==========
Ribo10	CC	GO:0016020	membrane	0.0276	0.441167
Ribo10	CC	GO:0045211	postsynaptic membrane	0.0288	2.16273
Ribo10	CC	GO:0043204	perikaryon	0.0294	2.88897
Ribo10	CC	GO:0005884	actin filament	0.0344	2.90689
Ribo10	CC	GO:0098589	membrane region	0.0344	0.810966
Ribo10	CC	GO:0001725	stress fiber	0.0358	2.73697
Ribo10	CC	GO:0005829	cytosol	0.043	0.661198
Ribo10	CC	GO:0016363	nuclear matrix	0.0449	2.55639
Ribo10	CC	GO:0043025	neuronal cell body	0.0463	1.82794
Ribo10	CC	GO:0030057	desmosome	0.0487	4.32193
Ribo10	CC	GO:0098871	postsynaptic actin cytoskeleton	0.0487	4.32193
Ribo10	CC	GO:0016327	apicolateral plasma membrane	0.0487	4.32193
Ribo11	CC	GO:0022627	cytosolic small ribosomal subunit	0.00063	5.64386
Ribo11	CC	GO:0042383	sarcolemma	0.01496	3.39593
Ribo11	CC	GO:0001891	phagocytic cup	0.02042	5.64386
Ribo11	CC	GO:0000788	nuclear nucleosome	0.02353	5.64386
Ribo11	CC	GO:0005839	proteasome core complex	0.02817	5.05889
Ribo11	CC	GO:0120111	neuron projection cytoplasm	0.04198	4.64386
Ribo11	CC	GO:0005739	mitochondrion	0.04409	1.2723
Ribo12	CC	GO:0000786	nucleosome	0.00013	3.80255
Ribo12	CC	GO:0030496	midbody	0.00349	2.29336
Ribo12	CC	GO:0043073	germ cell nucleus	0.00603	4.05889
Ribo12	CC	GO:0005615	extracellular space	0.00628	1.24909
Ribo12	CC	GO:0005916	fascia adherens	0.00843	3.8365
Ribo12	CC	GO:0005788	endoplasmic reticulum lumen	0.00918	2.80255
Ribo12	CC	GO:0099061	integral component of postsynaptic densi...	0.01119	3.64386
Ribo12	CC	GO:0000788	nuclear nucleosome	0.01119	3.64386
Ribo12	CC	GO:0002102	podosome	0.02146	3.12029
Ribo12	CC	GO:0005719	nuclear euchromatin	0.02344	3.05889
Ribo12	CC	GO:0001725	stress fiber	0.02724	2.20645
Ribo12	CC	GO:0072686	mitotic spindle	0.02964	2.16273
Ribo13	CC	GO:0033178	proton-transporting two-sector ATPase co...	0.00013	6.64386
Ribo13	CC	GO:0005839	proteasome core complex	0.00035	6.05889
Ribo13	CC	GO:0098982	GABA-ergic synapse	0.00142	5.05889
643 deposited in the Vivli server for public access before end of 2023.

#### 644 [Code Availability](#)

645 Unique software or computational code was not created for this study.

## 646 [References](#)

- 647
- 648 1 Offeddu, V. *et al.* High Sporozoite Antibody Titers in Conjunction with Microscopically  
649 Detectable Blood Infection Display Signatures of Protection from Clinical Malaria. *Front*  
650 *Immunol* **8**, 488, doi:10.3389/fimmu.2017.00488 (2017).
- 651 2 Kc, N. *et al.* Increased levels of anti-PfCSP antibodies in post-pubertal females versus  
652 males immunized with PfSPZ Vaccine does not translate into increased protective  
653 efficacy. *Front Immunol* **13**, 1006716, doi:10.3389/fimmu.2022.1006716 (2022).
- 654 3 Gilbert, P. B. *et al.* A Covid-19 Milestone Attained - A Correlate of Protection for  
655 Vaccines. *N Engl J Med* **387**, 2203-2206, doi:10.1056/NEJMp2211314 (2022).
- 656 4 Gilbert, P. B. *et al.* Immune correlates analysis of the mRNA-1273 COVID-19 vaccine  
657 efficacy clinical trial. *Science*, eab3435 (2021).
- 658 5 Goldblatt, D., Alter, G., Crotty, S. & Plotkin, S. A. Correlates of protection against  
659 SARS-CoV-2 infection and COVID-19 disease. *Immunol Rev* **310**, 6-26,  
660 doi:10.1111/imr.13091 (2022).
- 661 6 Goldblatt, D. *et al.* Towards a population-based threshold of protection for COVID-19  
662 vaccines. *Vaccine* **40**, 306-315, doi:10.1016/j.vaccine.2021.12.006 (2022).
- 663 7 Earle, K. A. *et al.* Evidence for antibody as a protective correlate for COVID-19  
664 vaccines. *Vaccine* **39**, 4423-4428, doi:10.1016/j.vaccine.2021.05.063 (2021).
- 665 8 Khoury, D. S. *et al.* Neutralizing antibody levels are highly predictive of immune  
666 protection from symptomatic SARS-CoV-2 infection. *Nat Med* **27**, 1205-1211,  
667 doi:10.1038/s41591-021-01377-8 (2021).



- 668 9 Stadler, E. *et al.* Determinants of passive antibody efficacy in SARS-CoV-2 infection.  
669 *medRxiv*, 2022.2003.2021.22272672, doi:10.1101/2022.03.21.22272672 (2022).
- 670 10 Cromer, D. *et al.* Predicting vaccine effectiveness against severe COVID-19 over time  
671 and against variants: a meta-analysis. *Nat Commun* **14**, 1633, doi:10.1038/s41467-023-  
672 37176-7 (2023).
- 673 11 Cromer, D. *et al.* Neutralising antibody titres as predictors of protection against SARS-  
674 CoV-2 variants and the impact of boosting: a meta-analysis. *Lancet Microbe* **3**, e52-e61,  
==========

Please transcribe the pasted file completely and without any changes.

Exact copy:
Ribo10	CC	GO:0016020	membrane	0.0276	0.441167
Ribo10	CC	GO:0045211	postsynaptic membrane	0.0288	2.16273
Ribo10	CC	GO:0043204	perikaryon	0.0294	2.88897
Ribo10	CC	GO:0005884	actin filament	0.0344	2.90689
Ribo10	CC	GO:0098589	membrane region	0.0344	0.810966
Ribo10	CC	GO:0001725	stress fiber	0.0358	2.73697
Ribo10	CC	GO:0005829	cytosol	0.043	0.661198
Ribo10	CC	GO:0016363	nuclear matrix	0.0449	2.55639
Ribo10	CC	GO:0043025	neuronal cell body	0.0463	1.82794
Ribo10	CC	GO:0030057	desmosome	0.0487	4.32193
Ribo10	CC	GO:0098871	postsynaptic actin cytoskeleton	0.0487	4.32193
Ribo10	CC	GO:0016327	apicolateral plasma membrane	0.0487	4.32193
Ribo11	CC	GO:0022627	cytosolic small ribosomal subunit	0.00063	5.64386
Ribo11	CC	GO:0042383	sarcolemma	0.01496	3.39593
Ribo11	CC	GO:0001891	phagocytic cup	0.02042	5.64386
Ribo11	CC	GO:0000788	nuclear nucleosome	0.02353	5.64386
Ribo11	CC	GO:0005839	proteasome core complex	0.02817	5.05889
Ribo11	CC	GO:0120111	neuron projection cytoplasm	0.04198	4.64386
Ribo11	CC	GO:0005739	mitochondrion	0.04409	1.2723
Ribo12	CC	GO:0000786	nucleosome	0.00013	3.80255
Ribo12	CC	GO:0030496	midbody	0.00349	2.29336
Ribo12	CC	GO:0043073	germ cell nucleus	0.00603	4.05889
Ribo12	CC	GO:0005615	extracellular space	0.00628	1.24909
Ribo12	CC	GO:0005916	fascia adherens	0.00843	3.8365
Ribo12	CC	GO:0005788	endoplasmic reticulum lumen	0.00918	2.80255
Ribo12	CC	GO:0099061	integral component of postsynaptic densi...	0.01119	3.64386
Ribo12	CC	GO:0000788	nuclear nucleosome	0.01119	3.64386
Ribo12	CC	GO:0002102	podosome	0.02146	3.12029
Ribo12	CC	GO:0005719	nuclear euchromatin	0.02344	3.05889
Ribo12	CC	GO:0001725	stress fiber	0.02724	2.20645
Ribo12	CC	GO:0072686	mitotic spindle	0.02964	2.16273
Ribo13	CC	GO:0033178	proton-transporting two-sector ATPase co...	0.00013	6.64386
Ribo13	CC	GO:0005839	proteasome core complex	0.00035	6.05889
Ribo13	CC	GO:0098982	GABA-ergic synapse	0.00142	5.05889
643 deposited in the Vivli server for public access before end of 2023.

#### 644 [Code Availability](#)

645 Unique software or computational code was not created for this study.

## 646 [References](#)

- 647
- 648 1 Offeddu, V. *et al.* High Sporozoite Antibody Titers in Conjunction with Microscopically  
649 Detectable Blood Infection Display Signatures of Protection from Clinical Malaria. *Front*  
650 *Immunol* **8**, 488, doi:10.3389/fimmu.2017.00488 (2017).
- 651 2 Kc, N. *et al.* Increased levels of anti-PfCSP antibodies in post-pubertal females versus  
652 males immunized with PfSPZ Vaccine does not translate into increased protective  
653 efficacy. *Front Immunol* **13**, 1006716, doi:10.3389/fimmu.2022.1006716 (2022).
- 654 3 Gilbert, P. B. *et al.* A Covid-19 Milestone Attained - A Correlate of Protection for  
655 Vaccines. *N Engl J Med* **387**, 2203-2206, doi:10.1056/NEJMp2211314 (2022).
- 656 4 Gilbert, P. B. *et al.* Immune correlates analysis of the mRNA-1273 COVID-19 vaccine  
657 efficacy clinical trial. *Science*, eab3435 (2021).
- 658 5 Goldblatt, D., Alter, G., Crotty, S. & Plotkin, S. A. Correlates of protection against  
659 SARS-CoV-2 infection and COVID-19 disease. *Immunol Rev* **310**, 6-26,  
660 doi:10.1111/imr.13091 (2022).
- 661 6 Goldblatt, D. *et al.* Towards a population-based threshold of protection for COVID-19  
662 vaccines. *Vaccine* **40**, 306-315, doi:10.1016/j.vaccine.2021.12.006 (2022).
- 663 7 Earle, K. A. *et al.* Evidence for antibody as a protective correlate for COVID-19  
664 vaccines. *Vaccine* **39**, 4423-4428, doi:10.1016/j.vaccine.2021.05.063 (2021).
- 665 8 Khoury, D. S. *et al.* Neutralizing antibody levels are highly predictive of immune  
666 protection from symptomatic SARS-CoV-2 infection. *Nat Med* **27**, 1205-1211,  
667 doi:10.1038/s41591-021-01377-8 (2021).



- 668 9 Stadler, E. *et al.* Determinants of passive antibody efficacy in SARS-CoV-2 infection.  
669 *medRxiv*, 2022.2003.2021.22272672, doi:10.1101/2022.03.21.22272672 (2022).
- 670 10 Cromer, D. *et al.* Predicting vaccine effectiveness against severe COVID-19 over time  
671 and against variants: a meta-analysis. *Nat Commun* **14**, 1633, doi:10.1038/s41467-023-  
672 37176-7 (2023).
- 673 11 Cromer, D. *et al.* Neutralising antibody titres as predictors of protection against SARS-  
674 CoV-2 variants and the impact of boosting: a meta-analysis. *Lancet Microbe* **3**, e52-e61,  